Why China characterises this year’s WEF

George N. Tzogopoulos

Source: china.org.cn

For almost half a century, the annual Davos World Economic Forum (WEF) has constituted a useful platform for the exchange of views between politicians, economists and scholars on international developments. Since 2008 in particular, it has acquired additional significance due to the financial crisis threatening world stability. Amid uncertainty, leaders managed to avert the worst case scenario but failed to inspire masses by improving – or at least keeping stable – living conditions, especially of the middle class.

Within this context, a serious confidence crisis broke out and the gap between the elites and positive public opinion started to widen. Davos WEF could not escape from being – often in an unfair way – criticized. It is considered by many people a place where discussions irrelevant to their own problems are being held. On the day of this year’s opening session, leading American media extensively focused on the new reality and some potential obstacles to globalization imposed by the coming Brexit and the beginning of Donald Trump’s presidency.

These circumstances were ideal for the participation of the first Chinese President – Xi Jinping – in Davos WEF. Difficult times require responsive leadership. In the absence of Trump and German Chancellor Angela Merkel, Xi had the opportunity to offer with his speech an encouraging and sober analysis not only for participant elites but also for ordinary citizens. In addition, it is useful for Western audiences to think outside of the box and familiarize themselves with the Chinese line of reasoning.

Xi’s remarks at the opening session were a hymn to globalization. To start with, he was correct in saying that “many of the problems troubling the world are not caused by economic globalization.” This is a necessary clarification for a comprehensive understanding of current developments, despite ongoing populism in both the U.S. and Europe. Wrong, incomplete or delayed political decisions have to come under scrutiny, but the process of globalization itself does not. Adding to this, it is a myth that both Brexit and Trump’s election have led to an economic fallout. London’s FTSE 100 and Dow Jones Industrial have risen since last June and November, respectively.

Subsequently, the principal challenge is not to alter the historical course and cancel globalization but to “chart the right course for [it],” as the Chinese president asserted. This right course might entail invigoration, inclusion, sustainability and a balance between equity and efficiency. The latter can guarantee that the economic benefits of globalization are fairly distributed among different countries and demographic groups.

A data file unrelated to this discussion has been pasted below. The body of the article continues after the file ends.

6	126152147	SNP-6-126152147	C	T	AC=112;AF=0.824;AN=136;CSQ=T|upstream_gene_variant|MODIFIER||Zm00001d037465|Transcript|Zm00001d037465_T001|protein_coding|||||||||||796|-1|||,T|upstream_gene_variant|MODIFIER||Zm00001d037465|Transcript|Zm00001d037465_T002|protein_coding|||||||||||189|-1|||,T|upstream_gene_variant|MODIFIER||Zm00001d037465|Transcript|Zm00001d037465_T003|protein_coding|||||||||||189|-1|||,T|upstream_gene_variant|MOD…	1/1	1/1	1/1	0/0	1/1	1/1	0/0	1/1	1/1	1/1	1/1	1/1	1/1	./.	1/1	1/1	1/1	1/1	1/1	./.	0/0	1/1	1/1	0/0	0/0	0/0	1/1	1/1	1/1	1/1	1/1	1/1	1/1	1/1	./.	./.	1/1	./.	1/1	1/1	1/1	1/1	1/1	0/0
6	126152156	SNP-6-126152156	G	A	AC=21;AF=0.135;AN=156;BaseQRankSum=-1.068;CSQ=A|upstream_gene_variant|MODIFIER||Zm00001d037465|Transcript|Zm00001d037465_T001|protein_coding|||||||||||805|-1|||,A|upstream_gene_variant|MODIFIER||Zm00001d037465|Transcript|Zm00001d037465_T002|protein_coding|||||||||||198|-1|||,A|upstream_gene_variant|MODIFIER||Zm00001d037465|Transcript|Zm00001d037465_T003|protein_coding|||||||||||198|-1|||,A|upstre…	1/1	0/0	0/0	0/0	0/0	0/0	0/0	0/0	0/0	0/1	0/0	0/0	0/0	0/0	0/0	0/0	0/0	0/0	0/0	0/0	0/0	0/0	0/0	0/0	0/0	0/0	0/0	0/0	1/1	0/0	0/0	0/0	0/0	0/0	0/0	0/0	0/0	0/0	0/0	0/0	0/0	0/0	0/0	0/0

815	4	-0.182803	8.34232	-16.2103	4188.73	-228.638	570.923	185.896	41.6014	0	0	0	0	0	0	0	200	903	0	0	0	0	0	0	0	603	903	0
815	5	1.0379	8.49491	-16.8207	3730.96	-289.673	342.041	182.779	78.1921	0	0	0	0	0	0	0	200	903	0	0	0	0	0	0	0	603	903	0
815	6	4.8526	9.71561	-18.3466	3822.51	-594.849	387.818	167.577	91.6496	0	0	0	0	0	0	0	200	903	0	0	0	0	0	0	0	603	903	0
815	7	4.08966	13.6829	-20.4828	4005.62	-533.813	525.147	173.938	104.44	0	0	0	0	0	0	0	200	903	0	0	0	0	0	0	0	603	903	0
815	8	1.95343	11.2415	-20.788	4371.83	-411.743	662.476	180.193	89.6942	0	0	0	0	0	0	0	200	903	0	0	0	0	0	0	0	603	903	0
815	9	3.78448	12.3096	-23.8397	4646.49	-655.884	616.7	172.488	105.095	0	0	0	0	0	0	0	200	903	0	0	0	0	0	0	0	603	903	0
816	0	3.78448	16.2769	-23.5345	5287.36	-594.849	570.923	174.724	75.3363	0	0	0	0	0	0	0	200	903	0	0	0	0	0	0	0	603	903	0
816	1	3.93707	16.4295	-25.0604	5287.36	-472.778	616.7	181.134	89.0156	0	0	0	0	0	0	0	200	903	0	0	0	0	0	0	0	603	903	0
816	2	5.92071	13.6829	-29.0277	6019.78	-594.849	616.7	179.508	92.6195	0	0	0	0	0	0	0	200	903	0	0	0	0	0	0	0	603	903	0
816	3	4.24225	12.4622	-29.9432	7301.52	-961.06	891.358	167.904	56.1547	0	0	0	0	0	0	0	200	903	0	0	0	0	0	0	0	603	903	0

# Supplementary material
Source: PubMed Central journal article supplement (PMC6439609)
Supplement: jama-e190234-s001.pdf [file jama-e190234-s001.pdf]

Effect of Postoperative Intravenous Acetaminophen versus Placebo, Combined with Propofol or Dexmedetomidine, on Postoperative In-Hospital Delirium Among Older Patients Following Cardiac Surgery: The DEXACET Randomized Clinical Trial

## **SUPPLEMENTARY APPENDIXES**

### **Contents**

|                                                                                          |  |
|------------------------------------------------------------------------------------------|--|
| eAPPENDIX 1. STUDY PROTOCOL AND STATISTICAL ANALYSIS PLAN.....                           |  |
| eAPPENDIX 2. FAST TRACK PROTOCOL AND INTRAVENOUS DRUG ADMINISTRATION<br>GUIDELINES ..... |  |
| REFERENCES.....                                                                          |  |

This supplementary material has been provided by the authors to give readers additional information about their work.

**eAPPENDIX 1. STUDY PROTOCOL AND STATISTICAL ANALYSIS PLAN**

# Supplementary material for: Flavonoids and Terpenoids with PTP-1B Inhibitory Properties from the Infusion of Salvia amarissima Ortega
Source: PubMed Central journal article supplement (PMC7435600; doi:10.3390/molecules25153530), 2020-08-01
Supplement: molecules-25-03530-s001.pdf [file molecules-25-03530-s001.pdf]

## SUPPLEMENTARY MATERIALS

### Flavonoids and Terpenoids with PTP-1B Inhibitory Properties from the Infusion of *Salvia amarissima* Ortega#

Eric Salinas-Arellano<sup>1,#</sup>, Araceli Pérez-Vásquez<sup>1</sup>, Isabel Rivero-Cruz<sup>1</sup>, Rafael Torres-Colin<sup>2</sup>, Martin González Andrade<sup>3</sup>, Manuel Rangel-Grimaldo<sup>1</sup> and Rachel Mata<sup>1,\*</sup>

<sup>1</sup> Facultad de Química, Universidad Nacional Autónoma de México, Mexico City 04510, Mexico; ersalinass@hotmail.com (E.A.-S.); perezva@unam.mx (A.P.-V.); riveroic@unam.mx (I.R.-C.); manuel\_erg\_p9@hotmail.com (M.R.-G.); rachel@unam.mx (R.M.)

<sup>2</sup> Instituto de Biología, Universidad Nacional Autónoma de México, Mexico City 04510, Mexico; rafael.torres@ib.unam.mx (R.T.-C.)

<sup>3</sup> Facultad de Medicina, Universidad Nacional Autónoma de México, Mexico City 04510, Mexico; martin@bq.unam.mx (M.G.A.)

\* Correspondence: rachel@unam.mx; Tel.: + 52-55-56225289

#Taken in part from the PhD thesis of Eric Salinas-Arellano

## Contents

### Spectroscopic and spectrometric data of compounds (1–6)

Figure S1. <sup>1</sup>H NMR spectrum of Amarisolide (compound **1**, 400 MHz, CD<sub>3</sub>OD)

With reference to the development of the world economy, Xi shared his vision for the future in Davos. Acknowledging the problem of anemic growth, he specified three proposals for a kick-off. These are the implementation of structural reforms with a combination of old engines with new technologies, the transformation of a global governance scheme whereby emerging economies will gain better representation and the combat of poverty and inequality. The Chinese president also named policies and instruments that can contribute to future success. He, inter alia, referred to the need of innovation, investment liberalization, global free trade and the protection of the environment.

Xi finished his keynote address by briefly describing China’s economic achievements over the years as well as the current course of the country’s economy. More importantly, he focused on how the world economy has benefited and will benefit by China in the future, making reference to the Belt and Road initiative. In that regard, he announced his decision to hold a relevant forum in Beijing in May. This will be another good opportunity for the country to promote its world economic policies and improve its public image.

Last but not least, another message from Xi’s keynote speech is that China has cultivated its international profile as a globalization force. Although – as he said – Beijing “had doubts” in the past, it has gradually evolved as an active and powerful supporter.

This article was published on china.org.cn.